enjoy both the greatest job security and the best salary, Wineapple
contends. For example, she notes that a computer programmer with
roughly five years of experience averages about $35,000 a year. Add
managerial skills and you could command up to $70,000 as the head of
a 50- to 100-person communications department. Similarly, an
entry-level management consultant job pays around $27,000 a year for
employees with a bachelor's degree; add an M.B.A. to that resume
and you're looking at $50,000 to $80,000 instead.
You might also consider switching employers if you want a bigger
paycheck -- and bigger is the operative word. ''As a rule, the larger
the company, the better the compensation,'' says Susan Rowland, a
vice president at Towers Perrin, a compensation consulting firm in
New York City. For example, she notes that a financial manager makes
a median $47,500 at firms with less than $500 million in revenues but
fetches $61,200 at companies with sales in excess of $6 billion.
Similarly, a first-year corporate attorney earns around $41,200 at
firms billing $500 million or less but gets from $58,500 to $67,100
at companies that take in $3 billion or more a year. Rowland traces
the difference to the higher salaries top execs at giant firms earn
because of the greater complexity of their jobs. Says she: ''There is
a halo effect that lifts up pay at every level.''
You may also boost your career prospects if you're willing to
relocate to a place with a fast-growing job market. California, for
instance, is home to eight of the cities that NPA Data Services in
Washington, D.C. projects will have the largest increases in
employment in the 1990s: Anaheim, Los Angeles, Oakland, Riverside,
Sacramento, San Diego, San Francisco and San Jose. Other promising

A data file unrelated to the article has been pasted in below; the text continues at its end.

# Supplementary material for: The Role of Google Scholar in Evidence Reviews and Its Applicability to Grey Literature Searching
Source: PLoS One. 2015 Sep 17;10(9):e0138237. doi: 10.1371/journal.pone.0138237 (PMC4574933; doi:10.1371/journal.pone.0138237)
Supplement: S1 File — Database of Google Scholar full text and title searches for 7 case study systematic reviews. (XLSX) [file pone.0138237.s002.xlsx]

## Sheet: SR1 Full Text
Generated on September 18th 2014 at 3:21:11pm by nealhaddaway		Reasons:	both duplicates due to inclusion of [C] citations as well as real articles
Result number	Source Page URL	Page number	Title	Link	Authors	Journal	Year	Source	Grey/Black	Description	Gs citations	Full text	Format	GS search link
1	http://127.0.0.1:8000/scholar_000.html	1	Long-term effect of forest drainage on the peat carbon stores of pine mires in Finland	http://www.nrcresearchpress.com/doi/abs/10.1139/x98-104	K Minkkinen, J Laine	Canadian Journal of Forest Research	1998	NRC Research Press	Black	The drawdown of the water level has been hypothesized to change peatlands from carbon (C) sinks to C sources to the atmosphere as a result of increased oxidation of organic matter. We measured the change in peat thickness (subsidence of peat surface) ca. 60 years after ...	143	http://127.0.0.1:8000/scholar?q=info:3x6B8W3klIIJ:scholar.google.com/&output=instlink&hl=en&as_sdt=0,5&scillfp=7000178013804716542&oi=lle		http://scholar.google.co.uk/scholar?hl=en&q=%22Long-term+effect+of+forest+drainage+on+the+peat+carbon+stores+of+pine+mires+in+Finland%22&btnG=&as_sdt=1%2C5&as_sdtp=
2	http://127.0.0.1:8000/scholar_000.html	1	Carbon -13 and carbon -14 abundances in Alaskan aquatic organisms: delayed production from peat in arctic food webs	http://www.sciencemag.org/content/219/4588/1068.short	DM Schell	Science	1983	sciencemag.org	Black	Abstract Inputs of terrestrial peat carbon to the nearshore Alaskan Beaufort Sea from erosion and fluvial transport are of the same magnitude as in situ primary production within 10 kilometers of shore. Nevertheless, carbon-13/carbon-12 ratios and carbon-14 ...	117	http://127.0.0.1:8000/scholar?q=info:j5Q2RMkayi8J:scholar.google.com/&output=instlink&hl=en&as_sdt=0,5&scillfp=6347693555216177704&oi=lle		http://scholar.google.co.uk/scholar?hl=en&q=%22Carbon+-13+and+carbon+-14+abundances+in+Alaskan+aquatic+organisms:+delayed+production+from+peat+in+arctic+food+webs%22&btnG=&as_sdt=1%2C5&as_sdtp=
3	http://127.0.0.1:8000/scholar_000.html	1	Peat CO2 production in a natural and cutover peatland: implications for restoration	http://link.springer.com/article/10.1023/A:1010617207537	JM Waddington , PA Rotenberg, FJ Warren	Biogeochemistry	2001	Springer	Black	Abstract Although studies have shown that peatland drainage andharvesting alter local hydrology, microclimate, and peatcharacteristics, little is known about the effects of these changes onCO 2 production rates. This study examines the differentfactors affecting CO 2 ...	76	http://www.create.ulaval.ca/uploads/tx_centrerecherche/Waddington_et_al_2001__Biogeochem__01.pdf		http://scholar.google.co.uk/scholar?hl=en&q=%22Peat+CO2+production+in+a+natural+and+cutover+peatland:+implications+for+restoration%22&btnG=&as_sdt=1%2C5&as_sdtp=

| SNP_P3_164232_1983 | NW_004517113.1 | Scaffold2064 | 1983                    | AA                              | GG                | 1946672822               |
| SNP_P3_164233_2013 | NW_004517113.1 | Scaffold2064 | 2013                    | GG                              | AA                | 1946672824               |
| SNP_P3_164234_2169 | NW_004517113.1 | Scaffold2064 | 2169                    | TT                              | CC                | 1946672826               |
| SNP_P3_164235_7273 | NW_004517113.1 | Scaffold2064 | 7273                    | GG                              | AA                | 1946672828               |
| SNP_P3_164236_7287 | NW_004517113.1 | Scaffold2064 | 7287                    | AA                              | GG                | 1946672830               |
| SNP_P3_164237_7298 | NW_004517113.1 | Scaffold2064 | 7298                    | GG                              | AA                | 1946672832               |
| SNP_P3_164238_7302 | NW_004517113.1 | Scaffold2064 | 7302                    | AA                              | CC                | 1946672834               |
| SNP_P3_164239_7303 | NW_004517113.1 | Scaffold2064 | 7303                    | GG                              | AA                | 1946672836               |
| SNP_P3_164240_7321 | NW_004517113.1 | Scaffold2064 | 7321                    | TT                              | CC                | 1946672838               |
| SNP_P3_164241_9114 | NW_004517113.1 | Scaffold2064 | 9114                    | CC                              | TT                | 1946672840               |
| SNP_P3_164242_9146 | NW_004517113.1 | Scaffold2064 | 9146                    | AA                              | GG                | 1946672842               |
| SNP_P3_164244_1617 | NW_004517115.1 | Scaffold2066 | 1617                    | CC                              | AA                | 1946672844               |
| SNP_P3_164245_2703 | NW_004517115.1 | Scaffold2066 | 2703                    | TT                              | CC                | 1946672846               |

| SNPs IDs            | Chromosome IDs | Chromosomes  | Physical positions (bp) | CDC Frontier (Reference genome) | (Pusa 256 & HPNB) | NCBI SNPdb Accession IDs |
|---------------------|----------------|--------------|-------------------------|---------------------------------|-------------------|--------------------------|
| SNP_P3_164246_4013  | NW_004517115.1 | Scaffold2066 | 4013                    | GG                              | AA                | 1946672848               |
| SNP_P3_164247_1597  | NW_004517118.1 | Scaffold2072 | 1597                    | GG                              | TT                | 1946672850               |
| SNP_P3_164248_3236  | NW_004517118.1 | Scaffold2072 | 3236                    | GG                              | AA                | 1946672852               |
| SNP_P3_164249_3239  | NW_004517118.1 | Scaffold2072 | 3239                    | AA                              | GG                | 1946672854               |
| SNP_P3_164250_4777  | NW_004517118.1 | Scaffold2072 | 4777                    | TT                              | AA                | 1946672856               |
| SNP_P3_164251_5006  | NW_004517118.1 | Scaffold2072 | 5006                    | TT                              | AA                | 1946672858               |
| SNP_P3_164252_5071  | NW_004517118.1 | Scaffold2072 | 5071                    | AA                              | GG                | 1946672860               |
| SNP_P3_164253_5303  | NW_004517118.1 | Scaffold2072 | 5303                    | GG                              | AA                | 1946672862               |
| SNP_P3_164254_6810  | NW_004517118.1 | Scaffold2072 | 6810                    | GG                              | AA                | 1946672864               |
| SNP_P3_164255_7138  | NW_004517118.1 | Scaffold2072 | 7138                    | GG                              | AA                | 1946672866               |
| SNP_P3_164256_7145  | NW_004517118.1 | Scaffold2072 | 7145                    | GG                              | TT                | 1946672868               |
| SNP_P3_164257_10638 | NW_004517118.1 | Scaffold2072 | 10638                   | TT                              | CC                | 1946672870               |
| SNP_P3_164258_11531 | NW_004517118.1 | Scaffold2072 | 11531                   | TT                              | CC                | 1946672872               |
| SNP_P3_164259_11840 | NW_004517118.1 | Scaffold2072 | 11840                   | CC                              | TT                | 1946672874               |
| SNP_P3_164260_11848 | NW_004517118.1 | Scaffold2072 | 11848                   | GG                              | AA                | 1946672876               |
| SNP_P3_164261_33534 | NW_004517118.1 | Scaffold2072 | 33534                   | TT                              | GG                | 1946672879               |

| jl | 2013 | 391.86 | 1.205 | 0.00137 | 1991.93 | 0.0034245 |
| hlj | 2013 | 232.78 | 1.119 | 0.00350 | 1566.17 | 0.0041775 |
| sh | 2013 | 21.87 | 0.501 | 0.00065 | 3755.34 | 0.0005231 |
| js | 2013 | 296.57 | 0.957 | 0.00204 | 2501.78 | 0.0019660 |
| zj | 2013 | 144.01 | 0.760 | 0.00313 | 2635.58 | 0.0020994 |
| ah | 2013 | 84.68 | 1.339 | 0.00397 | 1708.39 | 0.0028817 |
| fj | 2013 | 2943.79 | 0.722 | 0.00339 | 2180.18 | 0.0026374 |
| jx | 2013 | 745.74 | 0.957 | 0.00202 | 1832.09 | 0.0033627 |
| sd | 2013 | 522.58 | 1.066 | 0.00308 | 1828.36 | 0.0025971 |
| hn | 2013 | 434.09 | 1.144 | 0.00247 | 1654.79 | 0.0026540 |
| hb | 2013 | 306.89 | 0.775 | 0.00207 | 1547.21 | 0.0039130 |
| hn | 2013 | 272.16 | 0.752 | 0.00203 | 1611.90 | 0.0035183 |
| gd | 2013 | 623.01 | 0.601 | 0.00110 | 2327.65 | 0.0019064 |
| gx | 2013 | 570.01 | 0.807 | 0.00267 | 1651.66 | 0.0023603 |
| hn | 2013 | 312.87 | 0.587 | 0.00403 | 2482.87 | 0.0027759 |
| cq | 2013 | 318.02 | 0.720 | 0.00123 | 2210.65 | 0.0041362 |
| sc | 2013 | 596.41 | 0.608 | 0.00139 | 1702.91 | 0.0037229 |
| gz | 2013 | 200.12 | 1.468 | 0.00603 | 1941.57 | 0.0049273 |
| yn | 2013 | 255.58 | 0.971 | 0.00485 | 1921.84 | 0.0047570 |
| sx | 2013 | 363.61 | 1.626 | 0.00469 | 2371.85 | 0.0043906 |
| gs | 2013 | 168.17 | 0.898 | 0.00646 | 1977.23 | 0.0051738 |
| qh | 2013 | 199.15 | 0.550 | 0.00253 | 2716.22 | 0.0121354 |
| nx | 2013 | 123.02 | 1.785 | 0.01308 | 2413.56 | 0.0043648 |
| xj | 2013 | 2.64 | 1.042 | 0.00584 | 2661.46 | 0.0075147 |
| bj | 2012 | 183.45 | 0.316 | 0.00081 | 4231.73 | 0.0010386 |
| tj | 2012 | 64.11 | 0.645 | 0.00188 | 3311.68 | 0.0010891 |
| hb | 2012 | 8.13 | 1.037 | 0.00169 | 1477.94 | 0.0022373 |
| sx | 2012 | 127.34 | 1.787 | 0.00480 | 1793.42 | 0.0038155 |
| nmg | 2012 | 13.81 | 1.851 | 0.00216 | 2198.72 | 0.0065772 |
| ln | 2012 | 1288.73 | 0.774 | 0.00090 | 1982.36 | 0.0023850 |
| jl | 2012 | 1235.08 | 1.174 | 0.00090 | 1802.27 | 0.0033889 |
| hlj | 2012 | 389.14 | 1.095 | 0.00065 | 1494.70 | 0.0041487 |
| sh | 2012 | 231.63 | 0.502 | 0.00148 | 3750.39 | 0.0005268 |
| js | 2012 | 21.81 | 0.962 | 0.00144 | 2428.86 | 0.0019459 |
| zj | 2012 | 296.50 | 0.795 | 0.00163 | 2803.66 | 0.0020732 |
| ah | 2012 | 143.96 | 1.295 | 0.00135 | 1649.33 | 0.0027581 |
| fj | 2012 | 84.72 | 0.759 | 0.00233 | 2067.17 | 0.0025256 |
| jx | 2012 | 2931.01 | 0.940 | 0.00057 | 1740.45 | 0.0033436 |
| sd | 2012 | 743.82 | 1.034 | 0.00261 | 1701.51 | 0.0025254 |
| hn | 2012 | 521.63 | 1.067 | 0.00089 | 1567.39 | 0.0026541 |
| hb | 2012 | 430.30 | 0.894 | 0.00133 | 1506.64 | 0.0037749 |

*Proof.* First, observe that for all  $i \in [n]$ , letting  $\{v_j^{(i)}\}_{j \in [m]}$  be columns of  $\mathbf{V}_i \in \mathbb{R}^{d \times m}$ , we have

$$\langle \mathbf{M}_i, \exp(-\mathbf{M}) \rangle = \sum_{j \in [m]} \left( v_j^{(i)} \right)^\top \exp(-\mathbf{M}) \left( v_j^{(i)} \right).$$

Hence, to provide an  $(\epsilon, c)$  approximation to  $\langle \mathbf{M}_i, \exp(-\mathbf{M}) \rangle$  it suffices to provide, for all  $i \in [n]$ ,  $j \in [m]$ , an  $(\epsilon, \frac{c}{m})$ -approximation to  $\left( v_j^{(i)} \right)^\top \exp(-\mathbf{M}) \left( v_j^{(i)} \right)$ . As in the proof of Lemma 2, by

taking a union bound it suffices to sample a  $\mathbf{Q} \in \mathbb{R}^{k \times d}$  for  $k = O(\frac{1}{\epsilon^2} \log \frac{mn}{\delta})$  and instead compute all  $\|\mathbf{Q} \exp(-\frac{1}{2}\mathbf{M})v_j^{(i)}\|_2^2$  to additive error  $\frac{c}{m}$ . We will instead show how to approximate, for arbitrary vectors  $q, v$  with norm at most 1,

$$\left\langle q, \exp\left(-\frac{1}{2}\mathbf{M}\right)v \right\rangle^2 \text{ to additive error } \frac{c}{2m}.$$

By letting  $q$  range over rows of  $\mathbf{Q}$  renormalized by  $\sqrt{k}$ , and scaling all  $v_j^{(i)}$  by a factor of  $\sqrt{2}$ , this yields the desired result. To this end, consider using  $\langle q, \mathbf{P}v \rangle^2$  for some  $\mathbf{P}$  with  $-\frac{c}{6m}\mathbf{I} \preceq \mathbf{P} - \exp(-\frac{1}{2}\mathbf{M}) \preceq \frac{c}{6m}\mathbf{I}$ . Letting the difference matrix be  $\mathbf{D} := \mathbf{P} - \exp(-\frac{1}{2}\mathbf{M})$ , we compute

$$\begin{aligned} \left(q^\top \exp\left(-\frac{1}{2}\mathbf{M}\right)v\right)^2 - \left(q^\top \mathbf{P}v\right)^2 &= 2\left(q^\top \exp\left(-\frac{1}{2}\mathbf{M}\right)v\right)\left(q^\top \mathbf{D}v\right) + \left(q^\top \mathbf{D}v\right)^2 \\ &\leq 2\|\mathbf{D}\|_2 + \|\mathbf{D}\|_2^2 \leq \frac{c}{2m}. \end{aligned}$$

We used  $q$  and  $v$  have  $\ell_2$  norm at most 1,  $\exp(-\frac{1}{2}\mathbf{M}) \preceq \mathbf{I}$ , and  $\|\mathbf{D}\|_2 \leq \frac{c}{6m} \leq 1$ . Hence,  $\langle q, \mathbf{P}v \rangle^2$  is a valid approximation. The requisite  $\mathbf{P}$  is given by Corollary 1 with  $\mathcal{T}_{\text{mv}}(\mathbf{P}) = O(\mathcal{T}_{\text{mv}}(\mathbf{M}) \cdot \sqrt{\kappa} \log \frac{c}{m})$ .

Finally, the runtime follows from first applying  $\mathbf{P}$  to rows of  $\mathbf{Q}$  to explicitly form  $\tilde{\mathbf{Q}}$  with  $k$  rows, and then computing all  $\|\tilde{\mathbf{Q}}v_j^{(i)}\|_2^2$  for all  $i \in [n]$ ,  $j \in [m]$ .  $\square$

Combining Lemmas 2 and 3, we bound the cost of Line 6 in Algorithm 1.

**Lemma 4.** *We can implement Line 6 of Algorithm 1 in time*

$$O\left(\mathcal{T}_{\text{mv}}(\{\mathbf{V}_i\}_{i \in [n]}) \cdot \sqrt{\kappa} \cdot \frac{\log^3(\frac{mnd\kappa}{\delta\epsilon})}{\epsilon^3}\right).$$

cities on the list include Dallas, Denver, Fort Lauderdale, Orlando,
Phoenix and Tampa.

With mortgage rates at their lowest levels in four years (9.26%
for 30-year fixed-rate loans) and real estate prices down by 30% or
more in some areas since 1988, many housing markets are more
affordable now than at any time in the past decade. Still, buying a
home today remains much more difficult than it was 30, 20 or even
just 15 years ago. That's particularly true for cash- strapped
younger households. Since 1976, for example, home ownership rates
among 25- to 29-year-olds have dropped from 43% to 35% and from 62%
to 54% among 30- to 34-year-olds, according to the Joint Center for
Housing Studies at Harvard University. Says Daniel Hoffman, director
of research at the American Affordable Housing Institute (AAHI) at
Rutgers University in New Brunswick, N.J.: ''Home ownership has been
postponed for a sizable chunk of a whole generation.''
If you are trying to break into the housing market, you can get a
helping hand with your down payment -- the major obstacle to
ownership for most ( renters -- from one of the myriad private and